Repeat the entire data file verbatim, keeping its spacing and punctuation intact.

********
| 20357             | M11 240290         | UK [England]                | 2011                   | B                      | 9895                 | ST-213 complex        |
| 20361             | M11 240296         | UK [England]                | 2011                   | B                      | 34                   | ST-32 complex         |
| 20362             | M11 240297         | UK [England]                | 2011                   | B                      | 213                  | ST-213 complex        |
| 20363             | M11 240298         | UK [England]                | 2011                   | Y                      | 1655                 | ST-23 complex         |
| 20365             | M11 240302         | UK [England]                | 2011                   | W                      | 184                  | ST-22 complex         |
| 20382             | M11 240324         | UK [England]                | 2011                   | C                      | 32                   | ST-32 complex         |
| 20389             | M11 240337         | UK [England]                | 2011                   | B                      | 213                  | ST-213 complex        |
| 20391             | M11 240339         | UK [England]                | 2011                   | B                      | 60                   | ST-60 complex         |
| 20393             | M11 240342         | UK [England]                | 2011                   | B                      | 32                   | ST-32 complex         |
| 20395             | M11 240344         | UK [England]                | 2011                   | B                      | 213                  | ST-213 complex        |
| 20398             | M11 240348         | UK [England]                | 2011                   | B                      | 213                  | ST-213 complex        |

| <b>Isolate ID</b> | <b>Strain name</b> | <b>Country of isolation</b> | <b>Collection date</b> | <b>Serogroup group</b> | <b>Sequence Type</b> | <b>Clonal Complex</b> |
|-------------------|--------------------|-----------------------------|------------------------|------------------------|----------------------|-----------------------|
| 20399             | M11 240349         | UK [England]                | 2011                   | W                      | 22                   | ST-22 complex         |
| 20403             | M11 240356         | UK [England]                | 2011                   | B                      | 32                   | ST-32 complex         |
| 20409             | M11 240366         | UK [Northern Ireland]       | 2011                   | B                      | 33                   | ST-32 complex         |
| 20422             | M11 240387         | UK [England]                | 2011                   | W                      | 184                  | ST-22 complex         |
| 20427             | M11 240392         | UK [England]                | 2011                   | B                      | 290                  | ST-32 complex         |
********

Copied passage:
| 20357             | M11 240290         | UK [England]                | 2011                   | B                      | 9895                 | ST-213 complex        |
| 20361             | M11 240296         | UK [England]                | 2011                   | B                      | 34                   | ST-32 complex         |
| 20362             | M11 240297         | UK [England]                | 2011                   | B                      | 213                  | ST-213 complex        |
| 20363             | M11 240298         | UK [England]                | 2011                   | Y                      | 1655                 | ST-23 complex         |
| 20365             | M11 240302         | UK [England]                | 2011                   | W                      | 184                  | ST-22 complex         |
| 20382             | M11 240324         | UK [England]                | 2011                   | C                      | 32                   | ST-32 complex         |
| 20389             | M11 240337         | UK [England]                | 2011                   | B                      | 213                  | ST-213 complex        |
| 20391             | M11 240339         | UK [England]                | 2011                   | B                      | 60                   | ST-60 complex         |
| 20393             | M11 240342         | UK [England]                | 2011                   | B                      | 32                   | ST-32 complex         |
| 20395             | M11 240344         | UK [England]                | 2011                   | B                      | 213                  | ST-213 complex        |
| 20398             | M11 240348         | UK [England]                | 2011                   | B                      | 213                  | ST-213 complex        |

| <b>Isolate ID</b> | <b>Strain name</b> | <b>Country of isolation</b> | <b>Collection date</b> | <b>Serogroup group</b> | <b>Sequence Type</b> | <b>Clonal Complex</b> |
|-------------------|--------------------|-----------------------------|------------------------|------------------------|----------------------|-----------------------|
| 20399             | M11 240349         | UK [England]                | 2011                   | W                      | 22                   | ST-22 complex         |
| 20403             | M11 240356         | UK [England]                | 2011                   | B                      | 32                   | ST-32 complex         |
| 20409             | M11 240366         | UK [Northern Ireland]       | 2011                   | B                      | 33                   | ST-32 complex         |
| 20422             | M11 240387         | UK [England]                | 2011                   | W                      | 184                  | ST-22 complex         |
| 20427             | M11 240392         | UK [England]                | 2011                   | B                      | 290                  | ST-32 complex         |